When the federal officers eventually approached Jefferson’s home, the former politician responded by firing bullets and throwing grenades at them, before he was finally apprehended. In any other election, this event would have dominated the news cycle. However, the Bolsonaro campaign succeeded in diverting attention from it by redirecting the conversation toward Auxilio Brasil.
In another incident, this time on October 29, the right-wing congresswoman Carla Zambelli pulled a gun in public and chased a man down a street of São Paulo. Zambelli claimed the man was harassing her for her political stances and had physically assaulted her, although video evidence cast doubt on her claims. Carrying firearms, whether concealed or not, on the day before an election is illegal in Brazil.
Yet Zambelli openly defied the law, declaring in a TV interview after the incident that she did not recognize the ruling of the Supreme Court on the matter. This injection of armed violence and intimidation into the Brazilian political scene shows how Bolsonaro’s efforts have eroded public discourse and trust in democratic institutions.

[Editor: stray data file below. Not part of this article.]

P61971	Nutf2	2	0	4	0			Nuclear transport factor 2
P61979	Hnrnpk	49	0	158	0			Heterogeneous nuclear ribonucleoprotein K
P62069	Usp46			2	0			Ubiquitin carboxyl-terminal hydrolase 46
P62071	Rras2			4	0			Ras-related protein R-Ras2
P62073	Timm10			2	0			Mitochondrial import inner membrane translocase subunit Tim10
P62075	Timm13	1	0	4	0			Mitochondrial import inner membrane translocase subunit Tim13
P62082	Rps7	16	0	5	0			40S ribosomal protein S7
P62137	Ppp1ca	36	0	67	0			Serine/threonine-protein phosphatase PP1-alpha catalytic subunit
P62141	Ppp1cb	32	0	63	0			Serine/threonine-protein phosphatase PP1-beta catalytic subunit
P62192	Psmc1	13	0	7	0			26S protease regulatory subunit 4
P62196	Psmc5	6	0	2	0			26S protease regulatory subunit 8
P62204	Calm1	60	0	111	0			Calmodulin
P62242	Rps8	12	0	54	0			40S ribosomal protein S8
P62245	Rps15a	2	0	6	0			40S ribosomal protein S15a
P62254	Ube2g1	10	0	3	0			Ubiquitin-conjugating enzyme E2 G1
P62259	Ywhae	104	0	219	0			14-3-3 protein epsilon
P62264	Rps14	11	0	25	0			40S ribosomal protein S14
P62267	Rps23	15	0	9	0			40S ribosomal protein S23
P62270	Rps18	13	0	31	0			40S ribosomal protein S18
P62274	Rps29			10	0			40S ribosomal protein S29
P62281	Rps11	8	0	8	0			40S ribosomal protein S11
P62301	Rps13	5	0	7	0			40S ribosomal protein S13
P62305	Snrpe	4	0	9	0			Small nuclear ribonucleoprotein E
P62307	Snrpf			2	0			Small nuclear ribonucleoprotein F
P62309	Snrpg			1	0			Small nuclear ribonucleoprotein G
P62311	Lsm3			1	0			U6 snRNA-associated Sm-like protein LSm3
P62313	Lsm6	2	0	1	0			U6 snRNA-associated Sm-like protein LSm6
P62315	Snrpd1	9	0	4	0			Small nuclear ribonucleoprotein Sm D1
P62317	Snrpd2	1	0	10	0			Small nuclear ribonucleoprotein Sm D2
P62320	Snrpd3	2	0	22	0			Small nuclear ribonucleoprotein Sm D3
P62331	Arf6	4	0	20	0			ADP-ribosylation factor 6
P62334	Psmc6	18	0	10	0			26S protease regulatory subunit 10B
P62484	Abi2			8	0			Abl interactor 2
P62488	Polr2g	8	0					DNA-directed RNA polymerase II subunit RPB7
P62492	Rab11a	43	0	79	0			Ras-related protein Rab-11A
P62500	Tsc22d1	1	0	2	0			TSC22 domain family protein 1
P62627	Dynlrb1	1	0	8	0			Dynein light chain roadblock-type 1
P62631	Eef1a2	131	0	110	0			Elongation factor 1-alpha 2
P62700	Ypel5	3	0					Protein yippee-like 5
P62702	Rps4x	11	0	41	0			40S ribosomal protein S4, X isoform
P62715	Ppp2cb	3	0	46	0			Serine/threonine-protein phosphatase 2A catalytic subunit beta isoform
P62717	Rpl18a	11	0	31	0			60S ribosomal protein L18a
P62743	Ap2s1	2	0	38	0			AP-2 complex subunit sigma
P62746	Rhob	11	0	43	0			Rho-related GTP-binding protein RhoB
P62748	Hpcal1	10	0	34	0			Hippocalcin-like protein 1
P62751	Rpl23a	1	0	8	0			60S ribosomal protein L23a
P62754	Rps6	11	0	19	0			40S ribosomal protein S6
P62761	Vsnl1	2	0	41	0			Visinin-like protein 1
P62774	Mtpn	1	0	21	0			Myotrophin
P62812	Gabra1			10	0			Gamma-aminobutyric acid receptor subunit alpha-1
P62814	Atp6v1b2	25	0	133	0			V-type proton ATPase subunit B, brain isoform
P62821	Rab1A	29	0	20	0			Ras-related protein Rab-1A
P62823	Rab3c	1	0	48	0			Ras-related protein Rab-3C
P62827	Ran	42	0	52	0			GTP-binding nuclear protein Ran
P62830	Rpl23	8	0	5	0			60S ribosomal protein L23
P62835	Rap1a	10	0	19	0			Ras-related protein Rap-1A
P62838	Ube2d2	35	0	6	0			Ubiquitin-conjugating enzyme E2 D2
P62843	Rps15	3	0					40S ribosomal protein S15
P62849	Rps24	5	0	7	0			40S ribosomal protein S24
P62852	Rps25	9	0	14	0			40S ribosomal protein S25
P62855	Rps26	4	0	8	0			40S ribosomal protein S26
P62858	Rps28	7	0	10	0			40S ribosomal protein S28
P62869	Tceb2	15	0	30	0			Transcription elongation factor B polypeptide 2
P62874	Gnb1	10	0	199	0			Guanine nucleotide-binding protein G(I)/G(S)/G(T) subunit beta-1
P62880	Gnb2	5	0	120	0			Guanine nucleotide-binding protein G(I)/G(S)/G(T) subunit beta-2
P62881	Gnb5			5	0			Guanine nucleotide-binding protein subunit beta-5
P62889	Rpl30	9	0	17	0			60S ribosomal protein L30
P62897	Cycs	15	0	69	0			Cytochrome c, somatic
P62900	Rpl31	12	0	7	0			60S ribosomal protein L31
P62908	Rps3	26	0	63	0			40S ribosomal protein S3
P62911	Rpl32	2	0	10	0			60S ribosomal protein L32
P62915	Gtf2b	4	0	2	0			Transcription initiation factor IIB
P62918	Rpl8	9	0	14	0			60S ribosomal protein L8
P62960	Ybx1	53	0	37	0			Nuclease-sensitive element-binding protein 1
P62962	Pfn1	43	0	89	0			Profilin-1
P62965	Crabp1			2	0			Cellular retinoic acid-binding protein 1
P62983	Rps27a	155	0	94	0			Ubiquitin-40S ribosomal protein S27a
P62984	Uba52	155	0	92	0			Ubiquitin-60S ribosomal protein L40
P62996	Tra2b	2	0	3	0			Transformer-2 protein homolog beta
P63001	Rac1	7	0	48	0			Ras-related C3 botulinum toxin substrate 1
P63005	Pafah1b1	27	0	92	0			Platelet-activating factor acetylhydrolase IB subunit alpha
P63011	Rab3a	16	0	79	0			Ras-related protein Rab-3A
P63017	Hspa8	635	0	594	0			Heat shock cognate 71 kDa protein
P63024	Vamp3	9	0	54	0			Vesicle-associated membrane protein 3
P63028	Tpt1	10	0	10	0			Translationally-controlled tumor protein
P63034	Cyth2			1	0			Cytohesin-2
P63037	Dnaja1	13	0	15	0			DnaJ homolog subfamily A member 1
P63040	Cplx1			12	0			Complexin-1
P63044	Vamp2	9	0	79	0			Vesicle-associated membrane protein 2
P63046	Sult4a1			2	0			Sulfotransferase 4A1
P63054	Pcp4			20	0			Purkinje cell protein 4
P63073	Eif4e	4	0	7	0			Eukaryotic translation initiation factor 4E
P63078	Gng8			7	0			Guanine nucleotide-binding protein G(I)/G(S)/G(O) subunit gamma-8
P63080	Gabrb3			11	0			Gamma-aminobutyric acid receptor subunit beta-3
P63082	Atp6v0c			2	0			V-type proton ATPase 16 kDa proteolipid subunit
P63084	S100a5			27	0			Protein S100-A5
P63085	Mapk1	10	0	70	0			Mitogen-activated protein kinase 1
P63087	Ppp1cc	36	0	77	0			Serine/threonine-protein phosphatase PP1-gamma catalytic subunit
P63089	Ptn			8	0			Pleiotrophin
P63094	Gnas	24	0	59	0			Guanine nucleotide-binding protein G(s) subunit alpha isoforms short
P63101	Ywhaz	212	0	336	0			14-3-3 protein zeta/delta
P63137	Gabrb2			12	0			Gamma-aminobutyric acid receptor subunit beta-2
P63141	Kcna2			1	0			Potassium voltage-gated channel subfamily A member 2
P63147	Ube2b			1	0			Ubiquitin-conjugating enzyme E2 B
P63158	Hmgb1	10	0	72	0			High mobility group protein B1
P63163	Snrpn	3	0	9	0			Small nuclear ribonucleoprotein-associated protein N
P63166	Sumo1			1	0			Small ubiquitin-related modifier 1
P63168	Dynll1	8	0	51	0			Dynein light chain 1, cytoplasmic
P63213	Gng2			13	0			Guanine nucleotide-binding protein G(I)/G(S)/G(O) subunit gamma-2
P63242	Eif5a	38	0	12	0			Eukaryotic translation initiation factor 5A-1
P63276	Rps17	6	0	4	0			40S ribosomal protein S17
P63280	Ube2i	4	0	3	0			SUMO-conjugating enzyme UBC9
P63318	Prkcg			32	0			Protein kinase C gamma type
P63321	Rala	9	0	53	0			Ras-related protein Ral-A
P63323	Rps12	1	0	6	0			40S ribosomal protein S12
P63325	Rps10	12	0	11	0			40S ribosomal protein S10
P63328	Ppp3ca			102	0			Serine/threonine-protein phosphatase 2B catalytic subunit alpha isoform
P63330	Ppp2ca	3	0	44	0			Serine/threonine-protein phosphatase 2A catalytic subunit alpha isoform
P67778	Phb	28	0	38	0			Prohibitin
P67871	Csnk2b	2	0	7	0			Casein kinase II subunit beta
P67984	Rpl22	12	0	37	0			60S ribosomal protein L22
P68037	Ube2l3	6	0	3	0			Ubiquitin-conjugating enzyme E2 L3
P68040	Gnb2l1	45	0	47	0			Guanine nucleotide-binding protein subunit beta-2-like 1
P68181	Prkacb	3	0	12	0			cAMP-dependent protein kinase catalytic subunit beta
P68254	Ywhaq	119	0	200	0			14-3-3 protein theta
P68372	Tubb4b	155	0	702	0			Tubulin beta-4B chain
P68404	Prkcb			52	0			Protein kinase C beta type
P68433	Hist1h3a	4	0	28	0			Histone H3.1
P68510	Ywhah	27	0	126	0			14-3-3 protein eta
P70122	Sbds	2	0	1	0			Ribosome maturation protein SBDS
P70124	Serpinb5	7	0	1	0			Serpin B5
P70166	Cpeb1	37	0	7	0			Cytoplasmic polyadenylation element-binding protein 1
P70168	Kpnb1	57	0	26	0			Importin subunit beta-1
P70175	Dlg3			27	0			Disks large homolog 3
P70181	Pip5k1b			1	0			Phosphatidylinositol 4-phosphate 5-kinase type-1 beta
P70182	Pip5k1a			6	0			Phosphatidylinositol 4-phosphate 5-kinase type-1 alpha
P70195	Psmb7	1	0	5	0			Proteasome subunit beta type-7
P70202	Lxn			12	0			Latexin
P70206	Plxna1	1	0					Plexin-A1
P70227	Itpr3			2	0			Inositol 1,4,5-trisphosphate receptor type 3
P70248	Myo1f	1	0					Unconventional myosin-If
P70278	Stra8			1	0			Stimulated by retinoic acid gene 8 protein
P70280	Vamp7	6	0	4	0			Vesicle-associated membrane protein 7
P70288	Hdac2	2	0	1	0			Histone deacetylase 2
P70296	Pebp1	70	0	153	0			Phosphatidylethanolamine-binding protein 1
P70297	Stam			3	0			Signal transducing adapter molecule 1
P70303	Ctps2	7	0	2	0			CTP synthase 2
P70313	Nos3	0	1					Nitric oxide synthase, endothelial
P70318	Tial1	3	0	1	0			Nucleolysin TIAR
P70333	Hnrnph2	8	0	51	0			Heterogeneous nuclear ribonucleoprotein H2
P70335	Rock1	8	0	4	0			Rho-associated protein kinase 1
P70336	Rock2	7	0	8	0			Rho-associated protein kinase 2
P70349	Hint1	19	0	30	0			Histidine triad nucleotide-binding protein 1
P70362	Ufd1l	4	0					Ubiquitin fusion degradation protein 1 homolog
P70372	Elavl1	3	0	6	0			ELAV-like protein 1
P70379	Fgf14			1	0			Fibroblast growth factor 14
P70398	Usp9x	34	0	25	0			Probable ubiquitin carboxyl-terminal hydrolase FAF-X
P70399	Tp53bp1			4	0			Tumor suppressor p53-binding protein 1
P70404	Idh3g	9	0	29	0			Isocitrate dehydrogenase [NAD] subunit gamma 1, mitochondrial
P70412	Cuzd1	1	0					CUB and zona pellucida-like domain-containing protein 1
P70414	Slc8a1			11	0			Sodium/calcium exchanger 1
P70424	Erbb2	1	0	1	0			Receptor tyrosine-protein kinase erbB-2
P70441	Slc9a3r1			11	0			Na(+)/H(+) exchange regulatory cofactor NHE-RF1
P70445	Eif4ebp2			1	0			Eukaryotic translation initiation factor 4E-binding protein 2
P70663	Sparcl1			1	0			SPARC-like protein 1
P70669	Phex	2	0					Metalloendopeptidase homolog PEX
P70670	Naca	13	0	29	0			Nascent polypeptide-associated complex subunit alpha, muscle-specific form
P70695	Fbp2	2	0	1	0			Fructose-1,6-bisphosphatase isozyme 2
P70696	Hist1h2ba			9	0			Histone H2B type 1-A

The Final Phase
After Bolsonaro’s surprisingly strong performance in the first round and the landslide victories for Bolsonarist candidates in congressional, senatorial, and gubernatorial elections, the president’s campaign went on the offensive, hoping they could achieve an upset. During the first half of October, Bolsonaro’s polling numbers continued to rise.
This served as a wake-up call to Lula’s campaign, and the former president made a number of controversial moves to ensure he retained his edge over Bolsonaro. Perhaps most controversial of all was his approach to the evangelical bloc.
Evangelical pastors, who constitute a powerful conservative force in Brazilian politics and society, mostly threw their support behind Bolsonaro and his moralistic “pro-family” stance. The religious right actively preached against all forms of left-wing politics and claimed that Lula would close down churches. The televangelist multimillionaire Silas Malafaia stood by the president’s side at many of his campaign rallies and even traveled with him to Queen Elizabeth II’s funeral in Britain.
Lula tried to chip away at his opponent’s religious base by including references to God in his speeches and penning a “letter to the evangelicals” in which he sought to dispel their fears. This letter was oddly reminiscent of his 2002 “Letter to the Brazilian People” on the eve of his first presidential victory, which attempted to combat allegations by his opponents that he was a secret communist. The pragmatic appeal to traditional values by Lula disheartened some of his base, while others saw it as a necessity in such a close election.